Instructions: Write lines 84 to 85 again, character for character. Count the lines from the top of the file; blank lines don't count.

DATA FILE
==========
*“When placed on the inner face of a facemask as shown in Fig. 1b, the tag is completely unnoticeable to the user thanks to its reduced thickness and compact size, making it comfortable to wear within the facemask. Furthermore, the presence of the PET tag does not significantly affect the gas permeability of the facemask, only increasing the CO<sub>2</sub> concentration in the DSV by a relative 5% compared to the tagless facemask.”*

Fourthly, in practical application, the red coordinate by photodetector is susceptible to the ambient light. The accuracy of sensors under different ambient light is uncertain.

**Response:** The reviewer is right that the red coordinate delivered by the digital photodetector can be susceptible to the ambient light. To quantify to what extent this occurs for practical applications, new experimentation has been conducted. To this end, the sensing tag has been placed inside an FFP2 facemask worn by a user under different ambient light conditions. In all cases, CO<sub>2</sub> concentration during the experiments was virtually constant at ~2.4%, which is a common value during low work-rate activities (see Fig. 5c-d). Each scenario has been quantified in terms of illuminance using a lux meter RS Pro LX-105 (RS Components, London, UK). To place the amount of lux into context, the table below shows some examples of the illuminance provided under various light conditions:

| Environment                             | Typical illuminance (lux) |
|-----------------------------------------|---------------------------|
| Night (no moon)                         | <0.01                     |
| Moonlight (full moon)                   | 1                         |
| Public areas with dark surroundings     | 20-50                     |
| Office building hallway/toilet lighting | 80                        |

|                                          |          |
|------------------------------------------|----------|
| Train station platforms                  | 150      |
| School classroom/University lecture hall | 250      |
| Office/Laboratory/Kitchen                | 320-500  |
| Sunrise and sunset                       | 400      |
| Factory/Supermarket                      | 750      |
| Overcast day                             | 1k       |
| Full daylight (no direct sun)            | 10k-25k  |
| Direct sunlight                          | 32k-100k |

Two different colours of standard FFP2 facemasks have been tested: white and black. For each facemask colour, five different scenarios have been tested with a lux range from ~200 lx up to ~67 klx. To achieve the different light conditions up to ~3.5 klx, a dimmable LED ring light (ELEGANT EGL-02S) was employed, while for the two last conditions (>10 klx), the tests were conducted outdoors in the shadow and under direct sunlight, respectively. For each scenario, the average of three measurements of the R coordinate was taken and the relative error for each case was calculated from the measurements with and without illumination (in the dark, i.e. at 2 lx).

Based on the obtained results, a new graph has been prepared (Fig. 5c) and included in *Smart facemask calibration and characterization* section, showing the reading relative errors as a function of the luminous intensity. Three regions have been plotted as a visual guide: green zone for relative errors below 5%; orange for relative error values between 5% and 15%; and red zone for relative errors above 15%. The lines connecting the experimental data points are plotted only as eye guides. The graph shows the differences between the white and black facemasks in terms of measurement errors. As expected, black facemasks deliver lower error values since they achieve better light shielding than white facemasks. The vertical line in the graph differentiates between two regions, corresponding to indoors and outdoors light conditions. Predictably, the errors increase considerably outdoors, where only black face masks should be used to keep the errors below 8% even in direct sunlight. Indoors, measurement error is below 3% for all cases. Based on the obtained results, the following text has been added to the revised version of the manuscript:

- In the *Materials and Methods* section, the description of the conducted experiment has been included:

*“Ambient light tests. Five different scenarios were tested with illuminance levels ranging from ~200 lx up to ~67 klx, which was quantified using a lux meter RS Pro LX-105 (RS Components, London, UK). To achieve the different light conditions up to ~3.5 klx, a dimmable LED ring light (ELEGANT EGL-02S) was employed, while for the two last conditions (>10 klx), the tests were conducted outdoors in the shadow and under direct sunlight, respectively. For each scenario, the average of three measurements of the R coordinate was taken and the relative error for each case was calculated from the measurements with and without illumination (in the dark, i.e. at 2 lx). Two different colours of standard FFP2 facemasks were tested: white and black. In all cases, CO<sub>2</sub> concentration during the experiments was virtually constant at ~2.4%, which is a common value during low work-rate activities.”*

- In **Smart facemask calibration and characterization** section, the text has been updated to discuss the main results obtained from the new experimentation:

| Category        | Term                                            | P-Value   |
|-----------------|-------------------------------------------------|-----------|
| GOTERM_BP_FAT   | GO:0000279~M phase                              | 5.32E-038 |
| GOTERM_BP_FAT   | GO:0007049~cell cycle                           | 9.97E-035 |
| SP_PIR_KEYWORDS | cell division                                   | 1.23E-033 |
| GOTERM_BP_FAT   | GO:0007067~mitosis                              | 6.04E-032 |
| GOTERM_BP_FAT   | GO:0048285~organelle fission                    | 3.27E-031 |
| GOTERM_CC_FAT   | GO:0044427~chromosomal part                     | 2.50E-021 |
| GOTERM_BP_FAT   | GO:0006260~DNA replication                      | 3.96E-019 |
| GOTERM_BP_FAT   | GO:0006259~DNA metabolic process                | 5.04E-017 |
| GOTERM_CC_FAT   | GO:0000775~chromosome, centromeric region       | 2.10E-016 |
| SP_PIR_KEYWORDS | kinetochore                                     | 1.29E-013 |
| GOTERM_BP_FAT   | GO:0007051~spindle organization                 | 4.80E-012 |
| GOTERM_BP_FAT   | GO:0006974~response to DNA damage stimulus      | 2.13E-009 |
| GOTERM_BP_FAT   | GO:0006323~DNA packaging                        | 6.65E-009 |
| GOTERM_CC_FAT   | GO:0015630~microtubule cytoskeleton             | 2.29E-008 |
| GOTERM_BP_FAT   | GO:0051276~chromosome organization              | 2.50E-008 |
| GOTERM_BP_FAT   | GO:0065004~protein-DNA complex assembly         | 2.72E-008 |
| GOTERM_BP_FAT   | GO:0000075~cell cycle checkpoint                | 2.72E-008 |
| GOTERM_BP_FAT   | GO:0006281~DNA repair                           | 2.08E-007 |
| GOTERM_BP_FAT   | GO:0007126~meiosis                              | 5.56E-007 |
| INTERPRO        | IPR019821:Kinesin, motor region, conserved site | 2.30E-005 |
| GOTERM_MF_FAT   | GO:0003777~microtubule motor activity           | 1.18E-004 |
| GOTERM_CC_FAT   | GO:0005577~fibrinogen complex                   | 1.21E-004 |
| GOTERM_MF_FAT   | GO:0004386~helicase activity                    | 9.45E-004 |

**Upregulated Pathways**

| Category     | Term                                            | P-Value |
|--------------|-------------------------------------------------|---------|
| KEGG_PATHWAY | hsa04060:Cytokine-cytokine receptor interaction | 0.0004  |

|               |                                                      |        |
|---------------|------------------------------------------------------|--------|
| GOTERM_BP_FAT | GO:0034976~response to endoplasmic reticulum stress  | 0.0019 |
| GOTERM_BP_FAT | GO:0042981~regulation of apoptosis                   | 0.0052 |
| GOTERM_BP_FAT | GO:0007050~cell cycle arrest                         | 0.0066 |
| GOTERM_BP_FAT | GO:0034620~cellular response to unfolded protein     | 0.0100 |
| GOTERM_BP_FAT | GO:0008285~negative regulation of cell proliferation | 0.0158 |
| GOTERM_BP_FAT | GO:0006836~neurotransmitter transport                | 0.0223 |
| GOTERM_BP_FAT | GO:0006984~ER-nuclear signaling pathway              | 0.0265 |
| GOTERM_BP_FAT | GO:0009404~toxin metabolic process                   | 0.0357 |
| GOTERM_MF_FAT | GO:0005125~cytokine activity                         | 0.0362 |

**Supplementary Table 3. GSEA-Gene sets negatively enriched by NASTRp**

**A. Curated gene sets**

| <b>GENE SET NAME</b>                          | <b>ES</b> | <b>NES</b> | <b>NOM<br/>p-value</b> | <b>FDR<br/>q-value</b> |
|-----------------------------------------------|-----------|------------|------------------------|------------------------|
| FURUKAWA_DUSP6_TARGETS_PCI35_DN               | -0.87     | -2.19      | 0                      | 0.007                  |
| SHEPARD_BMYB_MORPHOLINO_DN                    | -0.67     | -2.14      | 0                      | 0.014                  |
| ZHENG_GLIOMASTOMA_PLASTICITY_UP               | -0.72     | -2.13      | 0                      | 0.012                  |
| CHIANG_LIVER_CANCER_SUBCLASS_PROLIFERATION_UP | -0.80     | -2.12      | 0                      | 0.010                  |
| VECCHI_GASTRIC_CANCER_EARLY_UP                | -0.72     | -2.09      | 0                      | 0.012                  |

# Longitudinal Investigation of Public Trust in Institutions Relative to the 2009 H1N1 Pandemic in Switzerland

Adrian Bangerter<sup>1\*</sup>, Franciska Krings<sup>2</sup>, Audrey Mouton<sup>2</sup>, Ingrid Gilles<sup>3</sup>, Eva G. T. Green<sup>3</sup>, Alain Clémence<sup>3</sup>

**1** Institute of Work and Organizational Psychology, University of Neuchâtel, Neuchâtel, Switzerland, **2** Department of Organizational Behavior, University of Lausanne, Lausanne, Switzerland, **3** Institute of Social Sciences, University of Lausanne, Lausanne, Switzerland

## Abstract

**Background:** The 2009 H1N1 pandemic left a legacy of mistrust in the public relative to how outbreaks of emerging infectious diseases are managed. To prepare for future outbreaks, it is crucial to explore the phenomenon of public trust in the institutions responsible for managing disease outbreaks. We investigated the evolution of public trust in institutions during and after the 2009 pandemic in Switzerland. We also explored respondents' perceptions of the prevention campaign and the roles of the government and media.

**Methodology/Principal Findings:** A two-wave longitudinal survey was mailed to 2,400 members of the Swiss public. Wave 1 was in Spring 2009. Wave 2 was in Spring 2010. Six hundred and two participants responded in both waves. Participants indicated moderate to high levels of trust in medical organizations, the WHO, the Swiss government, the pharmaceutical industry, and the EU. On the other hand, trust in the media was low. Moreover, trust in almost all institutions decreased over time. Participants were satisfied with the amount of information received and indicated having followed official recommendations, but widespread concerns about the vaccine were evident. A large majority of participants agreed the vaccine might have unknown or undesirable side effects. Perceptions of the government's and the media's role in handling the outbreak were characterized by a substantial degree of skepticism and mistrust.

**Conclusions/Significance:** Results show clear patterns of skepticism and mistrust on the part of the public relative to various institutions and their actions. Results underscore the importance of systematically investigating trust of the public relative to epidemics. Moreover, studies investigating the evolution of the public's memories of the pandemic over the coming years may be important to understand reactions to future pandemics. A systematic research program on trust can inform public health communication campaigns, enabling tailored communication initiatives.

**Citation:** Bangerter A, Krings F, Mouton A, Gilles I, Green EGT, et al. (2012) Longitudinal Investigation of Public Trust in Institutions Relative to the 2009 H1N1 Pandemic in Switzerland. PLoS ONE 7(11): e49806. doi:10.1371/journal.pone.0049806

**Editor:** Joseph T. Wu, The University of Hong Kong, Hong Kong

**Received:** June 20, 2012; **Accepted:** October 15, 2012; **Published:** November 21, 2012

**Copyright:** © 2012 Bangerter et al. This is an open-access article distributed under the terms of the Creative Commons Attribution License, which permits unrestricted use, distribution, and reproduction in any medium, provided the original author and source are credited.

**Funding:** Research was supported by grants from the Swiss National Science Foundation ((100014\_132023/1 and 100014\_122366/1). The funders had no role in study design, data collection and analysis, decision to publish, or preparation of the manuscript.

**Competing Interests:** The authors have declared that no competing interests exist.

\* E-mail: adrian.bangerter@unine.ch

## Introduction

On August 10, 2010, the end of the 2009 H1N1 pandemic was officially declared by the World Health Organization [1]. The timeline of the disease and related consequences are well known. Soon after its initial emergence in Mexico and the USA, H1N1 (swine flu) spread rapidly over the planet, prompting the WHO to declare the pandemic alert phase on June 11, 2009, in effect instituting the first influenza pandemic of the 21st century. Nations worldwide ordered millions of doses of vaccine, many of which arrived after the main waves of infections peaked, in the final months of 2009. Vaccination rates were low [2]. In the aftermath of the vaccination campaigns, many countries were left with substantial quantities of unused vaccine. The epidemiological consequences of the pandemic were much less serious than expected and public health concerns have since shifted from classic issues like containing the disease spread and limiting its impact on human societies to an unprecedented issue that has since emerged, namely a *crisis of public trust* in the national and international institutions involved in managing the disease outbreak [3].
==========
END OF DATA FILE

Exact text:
**Copyright:** © 2012 Bangerter et al. This is an open-access article distributed under the terms of the Creative Commons Attribution License, which permits unrestricted use, distribution, and reproduction in any medium, provided the original author and source are credited.

**Funding:** Research was supported by grants from the Swiss National Science Foundation ((100014\_132023/1 and 100014\_122366/1). The funders had no role in study design, data collection and analysis, decision to publish, or preparation of the manuscript.